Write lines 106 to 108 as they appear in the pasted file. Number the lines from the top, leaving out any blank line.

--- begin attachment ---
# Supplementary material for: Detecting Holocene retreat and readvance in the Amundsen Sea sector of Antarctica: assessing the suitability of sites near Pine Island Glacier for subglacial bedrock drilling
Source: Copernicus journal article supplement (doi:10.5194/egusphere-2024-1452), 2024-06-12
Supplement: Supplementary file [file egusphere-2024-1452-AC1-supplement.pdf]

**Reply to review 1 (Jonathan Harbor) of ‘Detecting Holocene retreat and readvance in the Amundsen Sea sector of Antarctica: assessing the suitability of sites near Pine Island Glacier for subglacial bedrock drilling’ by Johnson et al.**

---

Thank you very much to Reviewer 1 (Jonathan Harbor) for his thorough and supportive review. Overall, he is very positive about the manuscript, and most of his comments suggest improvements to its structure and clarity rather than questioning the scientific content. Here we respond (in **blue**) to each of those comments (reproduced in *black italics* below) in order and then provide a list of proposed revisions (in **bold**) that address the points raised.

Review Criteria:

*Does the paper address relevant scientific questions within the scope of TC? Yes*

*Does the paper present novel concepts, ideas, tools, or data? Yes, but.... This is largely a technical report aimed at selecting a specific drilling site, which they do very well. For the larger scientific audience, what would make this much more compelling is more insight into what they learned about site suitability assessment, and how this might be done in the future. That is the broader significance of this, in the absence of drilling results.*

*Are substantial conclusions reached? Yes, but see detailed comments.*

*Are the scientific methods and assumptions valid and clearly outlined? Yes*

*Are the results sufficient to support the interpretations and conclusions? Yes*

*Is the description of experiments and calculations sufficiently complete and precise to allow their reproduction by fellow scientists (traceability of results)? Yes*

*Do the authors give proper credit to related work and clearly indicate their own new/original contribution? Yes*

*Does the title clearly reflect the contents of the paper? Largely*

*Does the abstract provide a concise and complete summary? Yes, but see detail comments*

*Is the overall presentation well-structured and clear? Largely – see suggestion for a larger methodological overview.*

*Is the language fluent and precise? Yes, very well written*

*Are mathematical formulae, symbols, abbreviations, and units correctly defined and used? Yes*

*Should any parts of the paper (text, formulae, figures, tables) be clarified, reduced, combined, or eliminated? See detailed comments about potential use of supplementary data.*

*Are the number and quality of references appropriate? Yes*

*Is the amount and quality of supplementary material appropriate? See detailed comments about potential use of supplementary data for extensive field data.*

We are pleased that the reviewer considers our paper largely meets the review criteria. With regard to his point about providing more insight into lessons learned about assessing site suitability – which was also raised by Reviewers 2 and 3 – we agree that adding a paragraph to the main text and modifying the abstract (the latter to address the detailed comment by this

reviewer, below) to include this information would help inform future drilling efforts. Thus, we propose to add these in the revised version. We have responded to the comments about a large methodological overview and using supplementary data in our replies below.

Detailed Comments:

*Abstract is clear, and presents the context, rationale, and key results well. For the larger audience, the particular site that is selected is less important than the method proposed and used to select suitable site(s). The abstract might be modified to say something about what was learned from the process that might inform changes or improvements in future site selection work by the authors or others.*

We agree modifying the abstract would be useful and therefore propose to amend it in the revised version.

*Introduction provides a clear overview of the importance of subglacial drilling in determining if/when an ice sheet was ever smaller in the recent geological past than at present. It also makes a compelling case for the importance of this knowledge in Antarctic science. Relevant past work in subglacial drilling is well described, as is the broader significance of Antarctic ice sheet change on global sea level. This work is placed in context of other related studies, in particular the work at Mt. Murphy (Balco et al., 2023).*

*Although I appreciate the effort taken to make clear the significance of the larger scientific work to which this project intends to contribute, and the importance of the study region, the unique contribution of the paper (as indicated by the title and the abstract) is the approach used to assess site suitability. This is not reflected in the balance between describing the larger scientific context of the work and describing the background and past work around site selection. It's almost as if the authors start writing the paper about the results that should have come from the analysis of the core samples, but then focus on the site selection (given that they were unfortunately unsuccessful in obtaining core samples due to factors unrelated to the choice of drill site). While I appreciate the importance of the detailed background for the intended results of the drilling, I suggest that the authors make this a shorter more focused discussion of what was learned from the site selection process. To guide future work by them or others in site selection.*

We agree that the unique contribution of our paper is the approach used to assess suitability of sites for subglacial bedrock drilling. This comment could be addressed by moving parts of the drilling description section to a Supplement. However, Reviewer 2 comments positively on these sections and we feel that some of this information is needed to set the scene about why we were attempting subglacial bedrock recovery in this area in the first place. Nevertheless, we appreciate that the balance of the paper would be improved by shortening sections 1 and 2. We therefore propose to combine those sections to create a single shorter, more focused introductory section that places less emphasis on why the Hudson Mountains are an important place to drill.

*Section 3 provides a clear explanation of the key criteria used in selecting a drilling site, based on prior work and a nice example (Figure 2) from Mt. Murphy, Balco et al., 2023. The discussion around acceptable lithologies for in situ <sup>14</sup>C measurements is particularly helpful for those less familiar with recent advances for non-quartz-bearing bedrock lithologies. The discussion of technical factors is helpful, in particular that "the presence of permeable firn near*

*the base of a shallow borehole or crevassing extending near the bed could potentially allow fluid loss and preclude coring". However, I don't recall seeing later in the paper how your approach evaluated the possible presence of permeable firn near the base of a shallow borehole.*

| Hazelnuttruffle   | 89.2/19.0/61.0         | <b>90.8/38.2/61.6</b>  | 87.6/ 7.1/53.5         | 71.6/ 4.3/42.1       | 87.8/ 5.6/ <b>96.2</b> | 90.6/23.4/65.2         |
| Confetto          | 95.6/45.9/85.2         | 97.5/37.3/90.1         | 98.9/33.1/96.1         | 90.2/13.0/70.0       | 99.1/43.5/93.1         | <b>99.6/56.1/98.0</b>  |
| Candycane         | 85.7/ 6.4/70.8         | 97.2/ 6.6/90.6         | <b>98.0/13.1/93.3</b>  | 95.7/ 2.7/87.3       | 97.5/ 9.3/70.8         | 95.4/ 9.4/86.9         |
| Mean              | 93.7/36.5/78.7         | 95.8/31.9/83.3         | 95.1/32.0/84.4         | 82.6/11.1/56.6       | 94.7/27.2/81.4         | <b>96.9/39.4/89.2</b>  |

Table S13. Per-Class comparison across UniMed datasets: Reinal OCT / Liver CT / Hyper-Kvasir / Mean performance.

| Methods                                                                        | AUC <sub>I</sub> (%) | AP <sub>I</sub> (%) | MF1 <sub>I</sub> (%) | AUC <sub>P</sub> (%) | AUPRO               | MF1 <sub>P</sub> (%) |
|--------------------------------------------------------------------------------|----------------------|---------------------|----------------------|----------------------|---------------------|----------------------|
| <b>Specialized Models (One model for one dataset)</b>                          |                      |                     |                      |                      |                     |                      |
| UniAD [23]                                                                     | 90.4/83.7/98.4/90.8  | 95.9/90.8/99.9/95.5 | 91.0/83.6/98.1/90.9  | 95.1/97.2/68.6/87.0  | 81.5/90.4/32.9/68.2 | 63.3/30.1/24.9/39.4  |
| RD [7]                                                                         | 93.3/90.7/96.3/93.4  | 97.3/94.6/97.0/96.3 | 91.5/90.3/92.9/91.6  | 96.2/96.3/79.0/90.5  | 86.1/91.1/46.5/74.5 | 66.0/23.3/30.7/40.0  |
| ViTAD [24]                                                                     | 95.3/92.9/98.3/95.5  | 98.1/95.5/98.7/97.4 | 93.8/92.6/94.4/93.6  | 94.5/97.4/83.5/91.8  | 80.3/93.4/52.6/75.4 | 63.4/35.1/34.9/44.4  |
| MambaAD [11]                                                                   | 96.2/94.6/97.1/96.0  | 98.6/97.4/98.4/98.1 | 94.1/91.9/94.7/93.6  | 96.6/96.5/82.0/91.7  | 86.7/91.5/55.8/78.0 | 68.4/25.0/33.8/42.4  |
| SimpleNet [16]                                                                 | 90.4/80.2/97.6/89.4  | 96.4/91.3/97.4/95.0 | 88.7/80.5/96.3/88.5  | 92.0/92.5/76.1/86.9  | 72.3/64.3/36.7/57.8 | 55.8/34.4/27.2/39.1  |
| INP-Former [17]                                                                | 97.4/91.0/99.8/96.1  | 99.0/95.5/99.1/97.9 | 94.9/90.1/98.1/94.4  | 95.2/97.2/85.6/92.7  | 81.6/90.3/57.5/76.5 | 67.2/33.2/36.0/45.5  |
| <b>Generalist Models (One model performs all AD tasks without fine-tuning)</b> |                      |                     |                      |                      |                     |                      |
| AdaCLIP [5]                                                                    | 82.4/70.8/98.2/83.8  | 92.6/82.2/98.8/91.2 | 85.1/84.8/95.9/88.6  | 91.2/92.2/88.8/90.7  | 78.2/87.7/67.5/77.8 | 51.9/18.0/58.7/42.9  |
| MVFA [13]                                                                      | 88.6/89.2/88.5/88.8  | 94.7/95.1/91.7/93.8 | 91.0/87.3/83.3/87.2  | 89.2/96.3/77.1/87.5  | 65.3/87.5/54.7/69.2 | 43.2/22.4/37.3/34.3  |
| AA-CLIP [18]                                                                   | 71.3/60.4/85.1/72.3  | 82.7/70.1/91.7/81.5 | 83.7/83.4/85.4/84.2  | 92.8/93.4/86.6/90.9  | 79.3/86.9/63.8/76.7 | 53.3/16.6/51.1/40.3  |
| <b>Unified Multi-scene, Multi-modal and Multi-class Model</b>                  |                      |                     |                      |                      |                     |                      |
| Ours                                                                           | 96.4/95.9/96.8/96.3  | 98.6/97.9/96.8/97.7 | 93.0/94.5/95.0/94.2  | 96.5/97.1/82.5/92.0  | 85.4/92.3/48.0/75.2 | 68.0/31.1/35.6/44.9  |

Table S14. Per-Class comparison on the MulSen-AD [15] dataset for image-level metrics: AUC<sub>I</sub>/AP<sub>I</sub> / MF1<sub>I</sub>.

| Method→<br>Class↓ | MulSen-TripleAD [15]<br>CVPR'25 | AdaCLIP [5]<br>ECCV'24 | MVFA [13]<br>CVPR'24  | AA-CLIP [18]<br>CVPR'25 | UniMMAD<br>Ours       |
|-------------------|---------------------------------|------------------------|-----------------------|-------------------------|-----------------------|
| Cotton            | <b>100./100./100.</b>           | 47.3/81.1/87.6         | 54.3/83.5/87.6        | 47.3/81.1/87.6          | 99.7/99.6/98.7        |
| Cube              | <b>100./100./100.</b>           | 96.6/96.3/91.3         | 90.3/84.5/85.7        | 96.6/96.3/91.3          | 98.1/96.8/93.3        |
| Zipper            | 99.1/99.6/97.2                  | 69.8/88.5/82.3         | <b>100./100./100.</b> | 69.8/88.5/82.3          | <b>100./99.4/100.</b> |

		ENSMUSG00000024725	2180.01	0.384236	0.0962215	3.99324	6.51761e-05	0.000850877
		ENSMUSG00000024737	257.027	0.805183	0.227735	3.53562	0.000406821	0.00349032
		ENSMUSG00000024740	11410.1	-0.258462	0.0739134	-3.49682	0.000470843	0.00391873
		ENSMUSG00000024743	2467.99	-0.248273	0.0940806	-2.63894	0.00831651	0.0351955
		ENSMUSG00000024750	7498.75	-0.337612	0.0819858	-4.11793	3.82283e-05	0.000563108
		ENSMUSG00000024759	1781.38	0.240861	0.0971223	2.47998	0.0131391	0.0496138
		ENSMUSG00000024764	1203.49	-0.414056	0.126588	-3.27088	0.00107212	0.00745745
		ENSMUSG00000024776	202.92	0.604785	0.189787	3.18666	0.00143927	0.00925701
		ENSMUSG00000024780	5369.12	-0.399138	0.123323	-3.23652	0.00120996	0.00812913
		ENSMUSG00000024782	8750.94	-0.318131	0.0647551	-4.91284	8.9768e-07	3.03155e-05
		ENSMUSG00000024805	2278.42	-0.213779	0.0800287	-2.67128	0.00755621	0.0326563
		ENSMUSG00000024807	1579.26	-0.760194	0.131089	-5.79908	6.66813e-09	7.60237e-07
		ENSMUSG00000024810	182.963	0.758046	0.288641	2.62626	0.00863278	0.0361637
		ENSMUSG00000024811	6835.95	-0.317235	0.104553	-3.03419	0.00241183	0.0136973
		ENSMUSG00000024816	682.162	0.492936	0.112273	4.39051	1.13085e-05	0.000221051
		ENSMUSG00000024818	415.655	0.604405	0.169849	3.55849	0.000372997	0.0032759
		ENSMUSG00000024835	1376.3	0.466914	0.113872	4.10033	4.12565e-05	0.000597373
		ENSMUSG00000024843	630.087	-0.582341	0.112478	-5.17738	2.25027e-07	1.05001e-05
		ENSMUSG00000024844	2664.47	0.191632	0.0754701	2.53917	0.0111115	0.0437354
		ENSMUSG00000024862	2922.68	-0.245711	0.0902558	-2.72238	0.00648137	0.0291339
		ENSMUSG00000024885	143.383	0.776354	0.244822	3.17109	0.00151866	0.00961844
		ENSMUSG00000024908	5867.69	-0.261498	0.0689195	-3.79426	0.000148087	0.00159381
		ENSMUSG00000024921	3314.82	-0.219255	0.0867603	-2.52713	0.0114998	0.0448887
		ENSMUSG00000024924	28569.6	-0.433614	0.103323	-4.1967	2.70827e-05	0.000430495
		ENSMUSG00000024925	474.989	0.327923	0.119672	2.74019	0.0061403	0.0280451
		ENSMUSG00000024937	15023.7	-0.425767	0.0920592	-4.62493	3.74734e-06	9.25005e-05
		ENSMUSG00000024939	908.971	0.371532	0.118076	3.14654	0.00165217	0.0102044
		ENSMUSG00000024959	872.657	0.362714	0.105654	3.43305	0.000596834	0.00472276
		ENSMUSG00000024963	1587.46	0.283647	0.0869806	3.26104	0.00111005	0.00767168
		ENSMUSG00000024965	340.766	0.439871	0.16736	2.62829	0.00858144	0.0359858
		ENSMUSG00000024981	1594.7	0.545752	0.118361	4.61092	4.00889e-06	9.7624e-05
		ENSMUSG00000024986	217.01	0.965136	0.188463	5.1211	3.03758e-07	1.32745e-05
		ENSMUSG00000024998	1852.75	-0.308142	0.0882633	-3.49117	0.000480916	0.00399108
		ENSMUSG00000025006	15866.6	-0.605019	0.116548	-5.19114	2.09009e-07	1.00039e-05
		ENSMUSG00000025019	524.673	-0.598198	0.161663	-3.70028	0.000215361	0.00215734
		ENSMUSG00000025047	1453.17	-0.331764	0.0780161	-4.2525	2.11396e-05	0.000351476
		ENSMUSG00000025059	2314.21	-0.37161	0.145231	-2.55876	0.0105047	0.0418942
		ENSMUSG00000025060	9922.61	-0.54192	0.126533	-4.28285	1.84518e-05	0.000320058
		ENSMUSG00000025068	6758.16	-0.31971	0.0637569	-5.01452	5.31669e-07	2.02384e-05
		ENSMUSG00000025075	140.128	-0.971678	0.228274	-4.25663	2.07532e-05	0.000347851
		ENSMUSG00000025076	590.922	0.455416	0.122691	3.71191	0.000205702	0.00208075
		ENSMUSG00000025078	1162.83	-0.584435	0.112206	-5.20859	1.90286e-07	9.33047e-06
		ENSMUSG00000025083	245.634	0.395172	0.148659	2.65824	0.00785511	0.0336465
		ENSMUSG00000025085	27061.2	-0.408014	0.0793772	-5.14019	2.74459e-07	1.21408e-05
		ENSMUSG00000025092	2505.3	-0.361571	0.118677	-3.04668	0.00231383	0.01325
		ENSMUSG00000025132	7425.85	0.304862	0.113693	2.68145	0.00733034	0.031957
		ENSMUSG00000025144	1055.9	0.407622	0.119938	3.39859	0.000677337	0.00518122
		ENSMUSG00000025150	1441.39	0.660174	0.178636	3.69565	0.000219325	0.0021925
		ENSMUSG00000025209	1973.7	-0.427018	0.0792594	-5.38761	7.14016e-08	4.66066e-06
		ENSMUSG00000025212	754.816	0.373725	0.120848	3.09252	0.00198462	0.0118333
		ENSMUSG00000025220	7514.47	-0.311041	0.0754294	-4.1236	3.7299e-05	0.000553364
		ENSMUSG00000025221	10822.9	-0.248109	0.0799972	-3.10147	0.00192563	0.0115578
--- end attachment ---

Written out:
		ENSMUSG00000025150	1441.39	0.660174	0.178636	3.69565	0.000219325	0.0021925
		ENSMUSG00000025209	1973.7	-0.427018	0.0792594	-5.38761	7.14016e-08	4.66066e-06
		ENSMUSG00000025212	754.816	0.373725	0.120848	3.09252	0.00198462	0.0118333